Regardless of statically or dynamically linked what I would like to do is have a directory where a collection of package files live and compile them into a little library right there in that directory. Then in another directory I would like to keep the files used to create main and import functions from my library. Although I have come across several examples of this on the internet I have had very little success getting it to work. Which I though was strange because in C and C++ it is a very very straight forward process. I think I read that Ken Thompson and Robert Pike were two of the main drivers behind Golang so I sort of figured that this kind of thing would be a no brainer. Apparently not.
None the less Christoph I do appreciate your taking the time to post a response, and I shall endeavor on in my efforts

I might be totally wrong with what you are trying to achieve but the mainstream Go binary is not way to go (no pun intended) if you want to compile for embedded devices, mainly because it packages the runtime with it. I would suggest you take a look at TinyGo which piggy-backs on LLVM to cross compile to a reasonable sized binary.

Ashish, Thanks for that info and link, that may very well provide a lot of help. I think that could be half the battle.

Prior to Go v1.11, packages identified in the include(…) block were automatically located using the GOBIN and GOPATH environmental variables. You can still use that approach by setting GO111MODULE=off. (No need to name included packages in the “go build” statement.) Check out the documentation on environmental variables.

Charles, I do appreciate your help and I will look into them and see where that takes me.

I see your points.

Binary size is not so much an issue for server-side apps, nor for typical cli tools, which are the two main realms of Go. (Docker, Kubernetes, Caddy Web server, Traefik, CockroachDB, all the cool Hashicorp stuff - it’s all written in Go.)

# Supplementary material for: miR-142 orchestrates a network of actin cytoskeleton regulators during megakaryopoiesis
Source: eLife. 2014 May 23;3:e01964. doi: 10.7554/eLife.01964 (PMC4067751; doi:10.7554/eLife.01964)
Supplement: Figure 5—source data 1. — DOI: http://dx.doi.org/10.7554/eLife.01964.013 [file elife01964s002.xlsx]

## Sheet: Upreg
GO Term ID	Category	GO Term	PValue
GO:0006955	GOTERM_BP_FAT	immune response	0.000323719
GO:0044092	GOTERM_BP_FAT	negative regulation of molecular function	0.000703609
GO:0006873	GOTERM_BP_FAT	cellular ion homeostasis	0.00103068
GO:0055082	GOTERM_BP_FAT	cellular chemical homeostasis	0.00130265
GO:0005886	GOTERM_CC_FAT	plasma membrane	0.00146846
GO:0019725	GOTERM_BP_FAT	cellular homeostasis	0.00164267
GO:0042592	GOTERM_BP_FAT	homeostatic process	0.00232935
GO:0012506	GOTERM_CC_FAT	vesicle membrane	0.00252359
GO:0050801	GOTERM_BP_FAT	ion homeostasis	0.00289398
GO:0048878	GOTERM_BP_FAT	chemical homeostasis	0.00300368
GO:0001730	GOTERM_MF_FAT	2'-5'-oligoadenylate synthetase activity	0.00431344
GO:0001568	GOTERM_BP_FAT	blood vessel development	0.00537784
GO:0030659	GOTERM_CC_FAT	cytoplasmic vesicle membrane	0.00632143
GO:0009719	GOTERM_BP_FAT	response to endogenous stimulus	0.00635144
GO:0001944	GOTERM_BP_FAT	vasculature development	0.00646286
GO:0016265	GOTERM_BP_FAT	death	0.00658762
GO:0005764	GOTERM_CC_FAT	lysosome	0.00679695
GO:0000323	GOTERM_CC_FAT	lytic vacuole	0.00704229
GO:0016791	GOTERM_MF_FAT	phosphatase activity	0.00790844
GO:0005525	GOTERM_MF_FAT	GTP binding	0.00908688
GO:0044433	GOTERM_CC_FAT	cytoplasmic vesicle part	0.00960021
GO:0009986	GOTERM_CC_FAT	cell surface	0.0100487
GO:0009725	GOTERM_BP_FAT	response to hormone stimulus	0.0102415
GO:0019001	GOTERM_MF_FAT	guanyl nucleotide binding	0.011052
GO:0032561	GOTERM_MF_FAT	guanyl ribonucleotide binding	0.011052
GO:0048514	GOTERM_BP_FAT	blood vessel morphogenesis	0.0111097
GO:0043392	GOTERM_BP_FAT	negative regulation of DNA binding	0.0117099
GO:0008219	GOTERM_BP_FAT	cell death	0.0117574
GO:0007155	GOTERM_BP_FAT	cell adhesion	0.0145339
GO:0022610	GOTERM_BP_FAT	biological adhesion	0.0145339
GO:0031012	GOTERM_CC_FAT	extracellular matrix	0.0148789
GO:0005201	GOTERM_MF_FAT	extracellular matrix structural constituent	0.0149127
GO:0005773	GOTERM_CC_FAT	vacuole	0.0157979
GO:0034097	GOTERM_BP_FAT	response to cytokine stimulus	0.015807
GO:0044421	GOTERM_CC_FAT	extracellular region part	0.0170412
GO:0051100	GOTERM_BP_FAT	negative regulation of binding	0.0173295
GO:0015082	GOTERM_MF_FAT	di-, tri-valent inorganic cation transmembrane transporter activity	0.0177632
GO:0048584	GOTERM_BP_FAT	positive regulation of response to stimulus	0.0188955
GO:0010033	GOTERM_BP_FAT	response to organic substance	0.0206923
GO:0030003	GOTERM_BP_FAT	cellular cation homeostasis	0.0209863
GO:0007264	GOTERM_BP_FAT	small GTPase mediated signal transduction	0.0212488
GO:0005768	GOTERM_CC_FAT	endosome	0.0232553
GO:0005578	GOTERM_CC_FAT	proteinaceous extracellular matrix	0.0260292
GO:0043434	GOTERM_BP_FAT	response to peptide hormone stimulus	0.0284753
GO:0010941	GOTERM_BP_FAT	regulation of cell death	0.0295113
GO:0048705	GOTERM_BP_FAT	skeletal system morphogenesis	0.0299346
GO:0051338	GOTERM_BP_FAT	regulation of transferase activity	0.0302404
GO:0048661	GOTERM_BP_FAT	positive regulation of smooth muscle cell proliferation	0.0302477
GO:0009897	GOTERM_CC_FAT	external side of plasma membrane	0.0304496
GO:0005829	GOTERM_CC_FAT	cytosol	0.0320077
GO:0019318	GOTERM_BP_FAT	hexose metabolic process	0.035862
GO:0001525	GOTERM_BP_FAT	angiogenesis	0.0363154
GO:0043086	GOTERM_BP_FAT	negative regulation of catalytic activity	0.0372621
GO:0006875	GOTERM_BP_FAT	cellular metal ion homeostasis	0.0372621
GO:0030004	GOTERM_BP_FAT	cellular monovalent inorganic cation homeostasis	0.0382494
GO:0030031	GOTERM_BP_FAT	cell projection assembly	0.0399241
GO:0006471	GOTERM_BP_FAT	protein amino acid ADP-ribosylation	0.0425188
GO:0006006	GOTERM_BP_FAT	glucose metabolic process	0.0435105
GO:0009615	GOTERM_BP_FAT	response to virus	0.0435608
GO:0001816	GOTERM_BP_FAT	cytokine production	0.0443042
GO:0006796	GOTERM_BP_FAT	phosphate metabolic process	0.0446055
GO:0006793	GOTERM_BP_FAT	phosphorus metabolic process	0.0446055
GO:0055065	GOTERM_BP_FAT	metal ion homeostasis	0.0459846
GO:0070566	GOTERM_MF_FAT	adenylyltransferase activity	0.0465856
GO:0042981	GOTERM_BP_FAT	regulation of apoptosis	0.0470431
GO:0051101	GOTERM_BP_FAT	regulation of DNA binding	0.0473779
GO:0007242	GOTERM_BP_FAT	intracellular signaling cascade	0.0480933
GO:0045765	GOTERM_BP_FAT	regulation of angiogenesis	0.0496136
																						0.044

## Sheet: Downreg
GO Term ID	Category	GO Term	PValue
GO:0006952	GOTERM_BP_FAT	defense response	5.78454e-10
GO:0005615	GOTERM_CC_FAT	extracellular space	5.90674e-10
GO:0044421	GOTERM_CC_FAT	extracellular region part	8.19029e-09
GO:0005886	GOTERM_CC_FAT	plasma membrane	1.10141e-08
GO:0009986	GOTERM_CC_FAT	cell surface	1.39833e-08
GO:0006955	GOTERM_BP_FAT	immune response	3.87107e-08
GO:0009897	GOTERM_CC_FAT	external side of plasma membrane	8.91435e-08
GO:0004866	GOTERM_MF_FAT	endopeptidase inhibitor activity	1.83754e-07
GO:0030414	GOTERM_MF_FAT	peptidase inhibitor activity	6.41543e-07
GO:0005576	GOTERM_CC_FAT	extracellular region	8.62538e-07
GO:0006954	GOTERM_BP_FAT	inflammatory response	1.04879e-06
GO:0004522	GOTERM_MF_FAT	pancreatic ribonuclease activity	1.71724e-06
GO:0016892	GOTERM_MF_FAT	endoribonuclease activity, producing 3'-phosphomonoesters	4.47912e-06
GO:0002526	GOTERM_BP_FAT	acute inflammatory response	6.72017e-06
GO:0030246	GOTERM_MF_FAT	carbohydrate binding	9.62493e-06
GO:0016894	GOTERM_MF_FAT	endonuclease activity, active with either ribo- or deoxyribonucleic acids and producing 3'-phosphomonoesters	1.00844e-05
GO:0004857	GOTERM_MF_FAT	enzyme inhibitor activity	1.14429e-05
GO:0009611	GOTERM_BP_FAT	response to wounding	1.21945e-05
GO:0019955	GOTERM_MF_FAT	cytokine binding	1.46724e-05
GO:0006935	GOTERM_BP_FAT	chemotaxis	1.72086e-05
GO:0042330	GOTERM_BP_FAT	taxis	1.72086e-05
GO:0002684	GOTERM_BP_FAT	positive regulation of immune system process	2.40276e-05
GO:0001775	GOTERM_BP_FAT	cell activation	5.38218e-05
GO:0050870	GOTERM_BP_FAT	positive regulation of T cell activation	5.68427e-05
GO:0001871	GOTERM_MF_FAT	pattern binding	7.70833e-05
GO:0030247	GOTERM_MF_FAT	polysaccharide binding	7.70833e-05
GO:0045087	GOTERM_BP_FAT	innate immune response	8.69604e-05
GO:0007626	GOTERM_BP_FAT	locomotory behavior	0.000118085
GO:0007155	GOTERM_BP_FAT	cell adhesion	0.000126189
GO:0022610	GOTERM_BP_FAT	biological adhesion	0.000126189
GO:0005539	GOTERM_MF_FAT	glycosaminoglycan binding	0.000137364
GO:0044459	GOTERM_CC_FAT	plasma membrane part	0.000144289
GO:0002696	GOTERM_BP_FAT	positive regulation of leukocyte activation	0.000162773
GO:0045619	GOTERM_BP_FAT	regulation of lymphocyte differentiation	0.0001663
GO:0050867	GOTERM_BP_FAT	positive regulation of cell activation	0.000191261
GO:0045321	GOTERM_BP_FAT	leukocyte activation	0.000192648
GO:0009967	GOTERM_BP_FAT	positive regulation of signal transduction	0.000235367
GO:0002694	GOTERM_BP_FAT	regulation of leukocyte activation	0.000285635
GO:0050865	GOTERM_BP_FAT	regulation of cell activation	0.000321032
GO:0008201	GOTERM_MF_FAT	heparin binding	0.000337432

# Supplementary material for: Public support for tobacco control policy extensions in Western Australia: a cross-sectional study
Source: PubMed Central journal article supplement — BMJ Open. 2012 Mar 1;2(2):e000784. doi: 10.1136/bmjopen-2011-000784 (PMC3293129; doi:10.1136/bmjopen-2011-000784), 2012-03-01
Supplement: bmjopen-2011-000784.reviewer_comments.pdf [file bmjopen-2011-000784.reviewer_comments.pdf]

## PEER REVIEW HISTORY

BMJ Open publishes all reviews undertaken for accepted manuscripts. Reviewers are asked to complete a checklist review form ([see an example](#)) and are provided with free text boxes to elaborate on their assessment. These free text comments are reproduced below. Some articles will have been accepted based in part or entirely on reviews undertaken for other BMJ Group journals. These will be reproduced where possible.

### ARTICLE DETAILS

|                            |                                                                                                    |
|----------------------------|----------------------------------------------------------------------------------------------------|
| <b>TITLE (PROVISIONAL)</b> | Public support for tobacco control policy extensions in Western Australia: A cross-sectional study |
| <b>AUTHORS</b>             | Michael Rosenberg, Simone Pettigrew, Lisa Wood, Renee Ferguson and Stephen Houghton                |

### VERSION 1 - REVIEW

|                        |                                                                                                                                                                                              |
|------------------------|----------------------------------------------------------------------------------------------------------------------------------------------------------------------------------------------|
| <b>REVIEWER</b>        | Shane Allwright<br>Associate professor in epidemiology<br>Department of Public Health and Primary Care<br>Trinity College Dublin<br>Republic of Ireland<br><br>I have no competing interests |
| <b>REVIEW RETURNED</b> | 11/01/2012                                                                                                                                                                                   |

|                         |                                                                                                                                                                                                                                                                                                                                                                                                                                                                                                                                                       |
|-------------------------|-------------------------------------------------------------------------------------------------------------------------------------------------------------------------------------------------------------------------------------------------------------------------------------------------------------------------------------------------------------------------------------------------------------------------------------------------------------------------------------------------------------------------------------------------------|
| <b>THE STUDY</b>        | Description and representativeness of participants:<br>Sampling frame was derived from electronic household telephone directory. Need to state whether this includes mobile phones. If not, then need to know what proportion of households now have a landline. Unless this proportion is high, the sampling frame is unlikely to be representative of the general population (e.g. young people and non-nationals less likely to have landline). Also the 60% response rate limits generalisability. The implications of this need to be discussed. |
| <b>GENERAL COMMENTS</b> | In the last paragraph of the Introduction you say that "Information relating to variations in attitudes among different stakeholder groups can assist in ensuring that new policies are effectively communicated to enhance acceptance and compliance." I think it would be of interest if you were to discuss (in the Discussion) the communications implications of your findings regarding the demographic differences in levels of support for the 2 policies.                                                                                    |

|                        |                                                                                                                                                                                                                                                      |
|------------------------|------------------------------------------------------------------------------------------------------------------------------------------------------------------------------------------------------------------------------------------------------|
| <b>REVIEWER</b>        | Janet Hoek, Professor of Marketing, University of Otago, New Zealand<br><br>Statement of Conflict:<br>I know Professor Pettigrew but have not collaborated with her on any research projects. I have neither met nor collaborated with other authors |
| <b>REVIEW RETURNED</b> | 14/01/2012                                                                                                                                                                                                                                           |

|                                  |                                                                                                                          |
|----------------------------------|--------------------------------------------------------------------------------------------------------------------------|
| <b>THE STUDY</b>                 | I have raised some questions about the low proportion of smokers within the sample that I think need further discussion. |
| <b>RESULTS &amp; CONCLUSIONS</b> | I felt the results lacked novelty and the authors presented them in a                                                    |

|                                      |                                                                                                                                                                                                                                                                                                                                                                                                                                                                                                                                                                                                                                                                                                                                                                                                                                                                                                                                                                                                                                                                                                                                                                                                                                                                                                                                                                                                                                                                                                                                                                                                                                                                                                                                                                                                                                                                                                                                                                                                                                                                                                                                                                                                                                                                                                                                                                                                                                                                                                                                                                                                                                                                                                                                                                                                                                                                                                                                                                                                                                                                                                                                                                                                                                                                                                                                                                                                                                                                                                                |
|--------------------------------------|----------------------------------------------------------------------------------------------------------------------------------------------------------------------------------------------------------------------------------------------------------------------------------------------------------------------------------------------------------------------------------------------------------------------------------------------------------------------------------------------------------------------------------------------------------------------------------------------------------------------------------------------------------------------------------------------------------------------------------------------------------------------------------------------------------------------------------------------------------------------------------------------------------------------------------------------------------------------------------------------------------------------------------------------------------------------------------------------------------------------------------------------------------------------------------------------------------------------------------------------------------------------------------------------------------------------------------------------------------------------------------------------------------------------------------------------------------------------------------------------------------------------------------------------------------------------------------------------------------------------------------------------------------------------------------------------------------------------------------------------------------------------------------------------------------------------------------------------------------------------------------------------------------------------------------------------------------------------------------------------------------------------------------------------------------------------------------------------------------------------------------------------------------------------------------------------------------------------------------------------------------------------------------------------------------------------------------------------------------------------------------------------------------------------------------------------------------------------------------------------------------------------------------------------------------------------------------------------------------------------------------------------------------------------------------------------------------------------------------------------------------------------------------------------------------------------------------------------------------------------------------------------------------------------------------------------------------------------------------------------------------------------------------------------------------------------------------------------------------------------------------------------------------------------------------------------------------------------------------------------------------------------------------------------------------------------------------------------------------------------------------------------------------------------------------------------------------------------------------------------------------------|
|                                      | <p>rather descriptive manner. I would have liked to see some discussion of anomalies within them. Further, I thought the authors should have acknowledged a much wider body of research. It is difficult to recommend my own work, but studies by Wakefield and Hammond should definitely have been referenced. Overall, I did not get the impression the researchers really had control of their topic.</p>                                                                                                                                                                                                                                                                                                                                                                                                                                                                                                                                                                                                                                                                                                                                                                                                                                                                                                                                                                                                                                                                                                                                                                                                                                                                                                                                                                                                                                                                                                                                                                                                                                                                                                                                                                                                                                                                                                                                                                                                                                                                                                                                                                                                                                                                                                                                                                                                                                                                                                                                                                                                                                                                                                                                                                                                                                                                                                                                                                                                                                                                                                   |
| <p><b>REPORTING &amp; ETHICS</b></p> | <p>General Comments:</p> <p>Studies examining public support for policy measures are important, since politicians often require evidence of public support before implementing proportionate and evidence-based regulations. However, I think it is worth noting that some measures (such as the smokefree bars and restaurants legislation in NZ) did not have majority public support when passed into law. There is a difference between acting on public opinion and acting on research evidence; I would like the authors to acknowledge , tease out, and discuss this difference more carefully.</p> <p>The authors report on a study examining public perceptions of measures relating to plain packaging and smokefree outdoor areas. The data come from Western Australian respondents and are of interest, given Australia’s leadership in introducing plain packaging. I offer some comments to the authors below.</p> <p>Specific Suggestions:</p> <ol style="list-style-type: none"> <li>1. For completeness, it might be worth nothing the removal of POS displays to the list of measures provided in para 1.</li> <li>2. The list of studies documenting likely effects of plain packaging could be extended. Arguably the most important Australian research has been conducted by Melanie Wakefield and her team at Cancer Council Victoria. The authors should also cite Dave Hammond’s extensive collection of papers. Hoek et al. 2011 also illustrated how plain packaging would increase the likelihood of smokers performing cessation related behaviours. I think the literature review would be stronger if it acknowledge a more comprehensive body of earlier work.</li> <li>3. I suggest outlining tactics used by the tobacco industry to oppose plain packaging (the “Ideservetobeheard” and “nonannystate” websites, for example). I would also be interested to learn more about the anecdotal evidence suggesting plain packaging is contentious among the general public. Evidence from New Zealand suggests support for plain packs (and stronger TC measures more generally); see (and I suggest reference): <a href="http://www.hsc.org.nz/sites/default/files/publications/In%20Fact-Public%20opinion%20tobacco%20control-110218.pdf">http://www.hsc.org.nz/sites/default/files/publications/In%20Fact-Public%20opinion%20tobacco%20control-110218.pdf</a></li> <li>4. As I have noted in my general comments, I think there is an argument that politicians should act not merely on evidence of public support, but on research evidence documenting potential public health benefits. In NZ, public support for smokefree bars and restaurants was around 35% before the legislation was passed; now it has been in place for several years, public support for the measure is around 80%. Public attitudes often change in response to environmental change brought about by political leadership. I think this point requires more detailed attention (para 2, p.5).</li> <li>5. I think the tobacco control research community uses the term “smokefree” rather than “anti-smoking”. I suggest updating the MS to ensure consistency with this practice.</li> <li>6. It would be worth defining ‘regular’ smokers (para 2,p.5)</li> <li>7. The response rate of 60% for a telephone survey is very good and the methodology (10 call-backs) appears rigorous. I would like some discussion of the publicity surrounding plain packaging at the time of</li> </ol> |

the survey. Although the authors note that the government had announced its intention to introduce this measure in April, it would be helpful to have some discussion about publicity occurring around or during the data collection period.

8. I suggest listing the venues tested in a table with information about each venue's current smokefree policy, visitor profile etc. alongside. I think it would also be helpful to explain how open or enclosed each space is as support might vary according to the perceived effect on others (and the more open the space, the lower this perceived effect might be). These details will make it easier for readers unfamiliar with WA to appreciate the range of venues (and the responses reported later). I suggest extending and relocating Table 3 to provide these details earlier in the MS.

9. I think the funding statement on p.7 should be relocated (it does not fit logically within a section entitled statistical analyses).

If small binaries are a requirement, Go is perhaps not the right choice.

Have a look at, for example:

  • TinyGo, “A Go compiler for small places”
  • Any system programming language (that usually have no GC nor large runtimes), like Zig or Rust

Regarding keeping locally compiled libraries available for building an app, Go already does that for you, automatically.

Whenever you import a package, Go takes care of fetching the enclosing module from the remote repo, caching it locally, and even pre-compiling it for you. No need for manually managing any of that.

(Do ls $(go env GOPATH)/pkg and inspect the files under the directory named after your current combination of OS and architecture, like, e.g., “darwin_amd64”. There are all your imported packages, cached and pre-compiled.)

You do not have to mange local compiles of libraries by yourself anymore. And this is why you have not found an easy way to do it manually - it is simply not meant to be done that way in Go.

There is no need to go back to the old and flawed GOPATH single-workspace model. GOPATH still exists internally and caches all packages that your projects imported.

The Go Modules way of keeping source packages locally is to use replace directives in go.mod.

GOPATH was never a ‘single’ workspace for me. I’d have it reference a list of local workspaces - at minimum, the one I was working in and a common workspace where I ventured Git packages and promoted utility packages I’d developed. (Configuration still works with Go 1.16 when I go back to it.)

Indeed, GOPATH can contain multiple paths. But that’s not the point. The Go Module system provides so many advantages over the old GOPATH system that I would not recommend anyone to stick with GOPATH.